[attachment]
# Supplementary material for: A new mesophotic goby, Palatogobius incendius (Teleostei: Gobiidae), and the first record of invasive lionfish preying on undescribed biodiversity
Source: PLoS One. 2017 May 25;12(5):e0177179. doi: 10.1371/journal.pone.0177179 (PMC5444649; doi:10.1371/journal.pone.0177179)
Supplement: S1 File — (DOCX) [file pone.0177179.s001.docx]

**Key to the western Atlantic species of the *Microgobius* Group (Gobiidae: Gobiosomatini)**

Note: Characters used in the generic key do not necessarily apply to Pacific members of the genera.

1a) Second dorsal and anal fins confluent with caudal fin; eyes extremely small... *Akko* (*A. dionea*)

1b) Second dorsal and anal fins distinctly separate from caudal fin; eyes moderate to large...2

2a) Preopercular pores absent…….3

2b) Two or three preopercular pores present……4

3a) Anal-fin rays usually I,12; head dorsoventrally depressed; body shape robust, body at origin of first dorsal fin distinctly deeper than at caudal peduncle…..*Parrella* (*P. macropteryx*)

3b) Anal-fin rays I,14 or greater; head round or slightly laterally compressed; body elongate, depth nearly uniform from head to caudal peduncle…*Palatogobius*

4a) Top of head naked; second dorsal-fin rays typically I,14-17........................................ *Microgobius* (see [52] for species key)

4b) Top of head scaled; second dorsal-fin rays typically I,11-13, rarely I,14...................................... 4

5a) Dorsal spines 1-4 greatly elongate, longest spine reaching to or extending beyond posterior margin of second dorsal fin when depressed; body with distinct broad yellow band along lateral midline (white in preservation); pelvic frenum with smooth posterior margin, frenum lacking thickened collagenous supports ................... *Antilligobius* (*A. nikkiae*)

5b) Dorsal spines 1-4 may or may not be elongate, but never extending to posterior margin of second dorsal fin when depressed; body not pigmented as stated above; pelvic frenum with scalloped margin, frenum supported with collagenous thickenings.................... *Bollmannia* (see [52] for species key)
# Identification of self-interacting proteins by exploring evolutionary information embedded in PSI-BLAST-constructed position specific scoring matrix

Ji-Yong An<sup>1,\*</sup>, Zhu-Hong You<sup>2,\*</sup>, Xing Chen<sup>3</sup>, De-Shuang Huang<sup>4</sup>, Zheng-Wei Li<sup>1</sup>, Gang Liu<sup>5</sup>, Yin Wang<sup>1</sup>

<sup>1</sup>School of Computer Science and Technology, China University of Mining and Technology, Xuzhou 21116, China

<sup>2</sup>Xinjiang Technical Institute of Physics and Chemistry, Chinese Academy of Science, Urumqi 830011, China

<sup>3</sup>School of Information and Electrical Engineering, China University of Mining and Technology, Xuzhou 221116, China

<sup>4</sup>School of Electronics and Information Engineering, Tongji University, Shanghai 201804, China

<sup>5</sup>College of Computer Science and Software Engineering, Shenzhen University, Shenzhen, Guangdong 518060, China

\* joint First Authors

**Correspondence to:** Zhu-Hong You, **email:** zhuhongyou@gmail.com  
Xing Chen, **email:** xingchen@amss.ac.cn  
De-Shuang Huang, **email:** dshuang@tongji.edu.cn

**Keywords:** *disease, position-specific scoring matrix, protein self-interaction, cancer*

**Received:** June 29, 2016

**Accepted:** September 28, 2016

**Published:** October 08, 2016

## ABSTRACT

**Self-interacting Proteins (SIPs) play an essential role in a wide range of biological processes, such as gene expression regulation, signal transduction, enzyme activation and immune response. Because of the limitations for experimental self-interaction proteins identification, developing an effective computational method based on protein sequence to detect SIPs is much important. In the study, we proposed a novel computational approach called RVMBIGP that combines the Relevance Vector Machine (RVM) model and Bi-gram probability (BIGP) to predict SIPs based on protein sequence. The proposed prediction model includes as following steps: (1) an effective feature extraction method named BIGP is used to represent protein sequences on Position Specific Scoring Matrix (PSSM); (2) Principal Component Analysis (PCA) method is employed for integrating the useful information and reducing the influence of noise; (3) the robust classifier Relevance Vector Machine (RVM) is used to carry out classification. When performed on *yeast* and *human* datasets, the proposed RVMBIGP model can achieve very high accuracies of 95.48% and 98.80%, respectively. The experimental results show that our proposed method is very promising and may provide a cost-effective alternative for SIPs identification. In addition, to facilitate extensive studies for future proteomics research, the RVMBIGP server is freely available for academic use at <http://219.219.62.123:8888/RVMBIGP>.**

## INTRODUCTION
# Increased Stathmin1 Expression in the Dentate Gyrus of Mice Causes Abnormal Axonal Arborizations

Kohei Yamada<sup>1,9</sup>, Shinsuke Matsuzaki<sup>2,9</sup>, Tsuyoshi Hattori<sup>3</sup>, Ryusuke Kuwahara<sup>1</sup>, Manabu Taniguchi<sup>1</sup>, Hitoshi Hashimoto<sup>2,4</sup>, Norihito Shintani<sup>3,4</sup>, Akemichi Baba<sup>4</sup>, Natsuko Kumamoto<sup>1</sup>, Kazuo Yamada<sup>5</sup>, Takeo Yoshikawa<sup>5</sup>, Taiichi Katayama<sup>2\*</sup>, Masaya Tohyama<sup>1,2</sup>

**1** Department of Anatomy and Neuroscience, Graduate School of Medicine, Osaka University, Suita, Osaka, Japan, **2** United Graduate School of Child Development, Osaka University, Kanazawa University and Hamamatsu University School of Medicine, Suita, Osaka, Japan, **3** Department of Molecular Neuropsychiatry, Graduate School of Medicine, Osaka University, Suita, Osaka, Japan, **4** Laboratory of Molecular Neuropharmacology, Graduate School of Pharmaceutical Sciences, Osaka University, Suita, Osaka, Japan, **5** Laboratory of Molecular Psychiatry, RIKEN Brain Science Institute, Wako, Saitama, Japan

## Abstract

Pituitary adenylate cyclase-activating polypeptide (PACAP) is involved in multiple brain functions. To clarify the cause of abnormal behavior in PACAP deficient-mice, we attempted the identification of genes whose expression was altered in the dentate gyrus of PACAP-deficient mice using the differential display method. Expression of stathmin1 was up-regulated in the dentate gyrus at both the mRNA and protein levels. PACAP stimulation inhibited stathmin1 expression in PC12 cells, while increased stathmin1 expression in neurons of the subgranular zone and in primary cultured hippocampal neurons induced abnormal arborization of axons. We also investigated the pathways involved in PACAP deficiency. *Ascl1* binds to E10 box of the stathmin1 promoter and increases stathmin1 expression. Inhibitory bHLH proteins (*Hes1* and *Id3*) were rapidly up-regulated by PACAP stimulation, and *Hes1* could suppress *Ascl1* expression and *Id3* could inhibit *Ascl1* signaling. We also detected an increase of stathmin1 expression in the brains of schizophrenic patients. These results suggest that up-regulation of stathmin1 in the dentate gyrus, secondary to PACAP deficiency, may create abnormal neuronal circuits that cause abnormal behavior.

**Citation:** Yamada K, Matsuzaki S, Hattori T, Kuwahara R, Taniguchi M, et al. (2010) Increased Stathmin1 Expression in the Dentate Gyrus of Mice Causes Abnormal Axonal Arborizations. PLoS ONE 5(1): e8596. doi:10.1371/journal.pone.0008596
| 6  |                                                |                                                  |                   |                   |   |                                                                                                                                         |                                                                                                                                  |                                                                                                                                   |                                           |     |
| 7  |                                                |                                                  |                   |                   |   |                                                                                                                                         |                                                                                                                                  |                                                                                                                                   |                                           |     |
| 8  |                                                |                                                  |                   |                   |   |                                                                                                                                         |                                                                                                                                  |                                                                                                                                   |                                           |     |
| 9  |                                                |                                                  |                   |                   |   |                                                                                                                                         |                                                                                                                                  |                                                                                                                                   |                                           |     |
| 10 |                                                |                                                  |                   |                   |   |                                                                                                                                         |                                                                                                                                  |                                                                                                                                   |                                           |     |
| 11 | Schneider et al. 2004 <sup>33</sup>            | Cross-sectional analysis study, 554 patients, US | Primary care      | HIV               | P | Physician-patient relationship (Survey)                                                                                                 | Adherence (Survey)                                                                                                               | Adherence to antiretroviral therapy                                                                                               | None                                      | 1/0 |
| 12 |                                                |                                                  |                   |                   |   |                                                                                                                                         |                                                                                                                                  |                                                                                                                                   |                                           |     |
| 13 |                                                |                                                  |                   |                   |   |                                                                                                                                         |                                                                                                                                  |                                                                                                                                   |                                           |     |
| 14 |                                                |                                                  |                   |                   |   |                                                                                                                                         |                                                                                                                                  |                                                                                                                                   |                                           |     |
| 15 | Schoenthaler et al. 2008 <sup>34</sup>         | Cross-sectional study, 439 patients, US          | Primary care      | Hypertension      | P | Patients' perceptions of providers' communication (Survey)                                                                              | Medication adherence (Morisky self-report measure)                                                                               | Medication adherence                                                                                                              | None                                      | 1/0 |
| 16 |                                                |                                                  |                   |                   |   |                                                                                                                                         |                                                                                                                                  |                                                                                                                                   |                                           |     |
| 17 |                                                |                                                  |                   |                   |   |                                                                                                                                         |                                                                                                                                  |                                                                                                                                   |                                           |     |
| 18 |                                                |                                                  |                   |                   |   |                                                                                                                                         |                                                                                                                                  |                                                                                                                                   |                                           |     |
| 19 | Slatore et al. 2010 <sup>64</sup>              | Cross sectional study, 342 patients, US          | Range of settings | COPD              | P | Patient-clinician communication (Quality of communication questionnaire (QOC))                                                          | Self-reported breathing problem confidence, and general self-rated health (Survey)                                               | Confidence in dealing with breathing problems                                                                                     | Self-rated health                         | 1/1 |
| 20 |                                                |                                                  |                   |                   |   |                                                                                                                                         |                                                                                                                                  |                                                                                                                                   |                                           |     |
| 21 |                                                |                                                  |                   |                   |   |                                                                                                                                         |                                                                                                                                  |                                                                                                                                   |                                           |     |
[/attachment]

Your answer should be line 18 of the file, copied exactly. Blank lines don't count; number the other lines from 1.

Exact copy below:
<sup>1</sup>School of Computer Science and Technology, China University of Mining and Technology, Xuzhou 21116, China